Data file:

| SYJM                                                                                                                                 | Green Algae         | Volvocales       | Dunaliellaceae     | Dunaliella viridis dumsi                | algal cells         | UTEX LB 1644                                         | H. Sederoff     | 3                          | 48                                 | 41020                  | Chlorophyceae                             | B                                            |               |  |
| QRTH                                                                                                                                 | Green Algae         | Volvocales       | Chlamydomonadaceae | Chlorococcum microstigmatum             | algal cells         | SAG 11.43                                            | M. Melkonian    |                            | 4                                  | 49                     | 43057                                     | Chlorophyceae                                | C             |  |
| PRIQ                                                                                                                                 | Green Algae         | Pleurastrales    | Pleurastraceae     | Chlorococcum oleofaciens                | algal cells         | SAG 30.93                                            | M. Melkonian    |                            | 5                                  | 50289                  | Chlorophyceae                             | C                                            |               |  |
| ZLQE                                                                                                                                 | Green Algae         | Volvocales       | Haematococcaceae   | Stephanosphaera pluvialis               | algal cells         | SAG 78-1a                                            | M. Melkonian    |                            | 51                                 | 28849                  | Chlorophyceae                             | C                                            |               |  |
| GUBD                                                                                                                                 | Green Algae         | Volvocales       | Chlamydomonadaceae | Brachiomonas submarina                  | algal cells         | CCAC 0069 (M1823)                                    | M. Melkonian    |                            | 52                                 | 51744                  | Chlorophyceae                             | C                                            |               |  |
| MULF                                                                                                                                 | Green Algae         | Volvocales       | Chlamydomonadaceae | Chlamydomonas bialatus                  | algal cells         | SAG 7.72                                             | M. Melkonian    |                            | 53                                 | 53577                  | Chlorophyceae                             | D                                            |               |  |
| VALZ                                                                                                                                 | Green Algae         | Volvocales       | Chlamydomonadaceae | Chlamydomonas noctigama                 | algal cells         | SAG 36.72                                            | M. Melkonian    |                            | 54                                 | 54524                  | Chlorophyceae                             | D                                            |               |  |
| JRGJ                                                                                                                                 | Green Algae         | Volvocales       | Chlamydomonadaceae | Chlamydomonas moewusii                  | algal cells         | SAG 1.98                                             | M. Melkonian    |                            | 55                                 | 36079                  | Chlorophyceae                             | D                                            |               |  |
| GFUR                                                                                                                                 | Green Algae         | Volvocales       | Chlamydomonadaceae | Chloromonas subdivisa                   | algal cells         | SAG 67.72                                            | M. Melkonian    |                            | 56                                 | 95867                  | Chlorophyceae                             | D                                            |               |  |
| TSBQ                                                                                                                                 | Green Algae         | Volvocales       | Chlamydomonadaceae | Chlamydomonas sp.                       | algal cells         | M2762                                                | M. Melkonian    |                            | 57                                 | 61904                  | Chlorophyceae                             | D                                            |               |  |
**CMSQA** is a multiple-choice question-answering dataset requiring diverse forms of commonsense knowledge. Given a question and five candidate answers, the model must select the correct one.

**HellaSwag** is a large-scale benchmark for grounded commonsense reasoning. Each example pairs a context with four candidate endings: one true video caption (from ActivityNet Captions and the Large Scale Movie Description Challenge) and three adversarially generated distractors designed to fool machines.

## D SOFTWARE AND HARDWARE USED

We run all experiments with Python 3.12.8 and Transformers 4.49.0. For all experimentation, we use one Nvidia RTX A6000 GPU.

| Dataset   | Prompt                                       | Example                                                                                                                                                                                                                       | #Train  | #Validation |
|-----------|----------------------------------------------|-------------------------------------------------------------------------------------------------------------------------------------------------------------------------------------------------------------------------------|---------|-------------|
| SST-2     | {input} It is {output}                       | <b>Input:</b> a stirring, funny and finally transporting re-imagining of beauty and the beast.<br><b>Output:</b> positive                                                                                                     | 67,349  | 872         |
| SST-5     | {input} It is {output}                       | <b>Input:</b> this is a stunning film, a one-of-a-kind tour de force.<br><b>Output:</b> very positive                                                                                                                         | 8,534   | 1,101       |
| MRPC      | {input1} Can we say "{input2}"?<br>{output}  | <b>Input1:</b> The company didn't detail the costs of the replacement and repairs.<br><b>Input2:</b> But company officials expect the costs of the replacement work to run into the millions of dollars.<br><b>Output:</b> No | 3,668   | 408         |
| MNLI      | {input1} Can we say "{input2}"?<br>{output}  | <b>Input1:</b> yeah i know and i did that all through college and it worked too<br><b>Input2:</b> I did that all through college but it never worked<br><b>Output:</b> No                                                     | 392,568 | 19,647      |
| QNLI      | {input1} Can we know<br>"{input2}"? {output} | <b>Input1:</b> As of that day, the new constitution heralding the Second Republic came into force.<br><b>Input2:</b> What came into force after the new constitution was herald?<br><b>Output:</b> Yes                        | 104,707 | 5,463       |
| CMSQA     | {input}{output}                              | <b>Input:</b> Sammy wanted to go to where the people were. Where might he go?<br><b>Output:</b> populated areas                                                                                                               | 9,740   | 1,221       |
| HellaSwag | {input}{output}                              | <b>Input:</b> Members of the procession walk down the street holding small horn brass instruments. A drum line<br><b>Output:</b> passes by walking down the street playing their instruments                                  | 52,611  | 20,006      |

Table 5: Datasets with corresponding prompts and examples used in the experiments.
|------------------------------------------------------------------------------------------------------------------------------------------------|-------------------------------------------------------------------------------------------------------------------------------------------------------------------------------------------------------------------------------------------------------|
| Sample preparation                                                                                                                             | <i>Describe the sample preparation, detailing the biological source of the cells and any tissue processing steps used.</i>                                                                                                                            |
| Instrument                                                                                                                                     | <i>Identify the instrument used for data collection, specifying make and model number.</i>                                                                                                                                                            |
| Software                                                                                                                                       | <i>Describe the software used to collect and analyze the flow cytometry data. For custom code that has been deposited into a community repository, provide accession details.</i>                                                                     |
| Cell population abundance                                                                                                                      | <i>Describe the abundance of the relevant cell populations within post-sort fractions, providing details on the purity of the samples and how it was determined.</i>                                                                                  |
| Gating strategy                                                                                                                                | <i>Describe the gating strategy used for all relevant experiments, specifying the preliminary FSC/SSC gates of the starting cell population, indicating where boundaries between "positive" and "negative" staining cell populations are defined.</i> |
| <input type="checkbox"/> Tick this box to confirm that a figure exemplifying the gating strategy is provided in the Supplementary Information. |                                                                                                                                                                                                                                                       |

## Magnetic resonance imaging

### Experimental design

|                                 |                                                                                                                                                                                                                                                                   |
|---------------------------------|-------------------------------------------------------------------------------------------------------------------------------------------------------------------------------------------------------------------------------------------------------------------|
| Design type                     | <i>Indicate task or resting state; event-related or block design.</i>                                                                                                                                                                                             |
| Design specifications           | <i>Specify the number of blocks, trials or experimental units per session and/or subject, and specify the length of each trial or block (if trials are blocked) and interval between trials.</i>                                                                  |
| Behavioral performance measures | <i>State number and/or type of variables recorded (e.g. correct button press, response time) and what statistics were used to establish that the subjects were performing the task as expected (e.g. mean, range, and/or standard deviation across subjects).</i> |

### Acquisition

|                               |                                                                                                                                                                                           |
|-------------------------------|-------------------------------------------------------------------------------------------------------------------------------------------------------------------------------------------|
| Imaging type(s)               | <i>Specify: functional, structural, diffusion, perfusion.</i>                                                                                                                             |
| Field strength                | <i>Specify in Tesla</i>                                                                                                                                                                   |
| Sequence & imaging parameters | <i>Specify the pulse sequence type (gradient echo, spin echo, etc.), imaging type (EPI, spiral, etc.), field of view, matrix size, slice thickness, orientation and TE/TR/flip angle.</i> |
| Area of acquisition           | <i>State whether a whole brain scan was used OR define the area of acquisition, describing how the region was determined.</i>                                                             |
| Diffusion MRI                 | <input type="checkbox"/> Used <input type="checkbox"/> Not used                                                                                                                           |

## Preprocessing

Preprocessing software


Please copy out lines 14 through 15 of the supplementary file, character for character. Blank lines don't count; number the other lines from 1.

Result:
We run all experiments with Python 3.12.8 and Transformers 4.49.0. For all experimentation, we use one Nvidia RTX A6000 GPU.

| Dataset   | Prompt                                       | Example                                                                                                                                                                                                                       | #Train  | #Validation |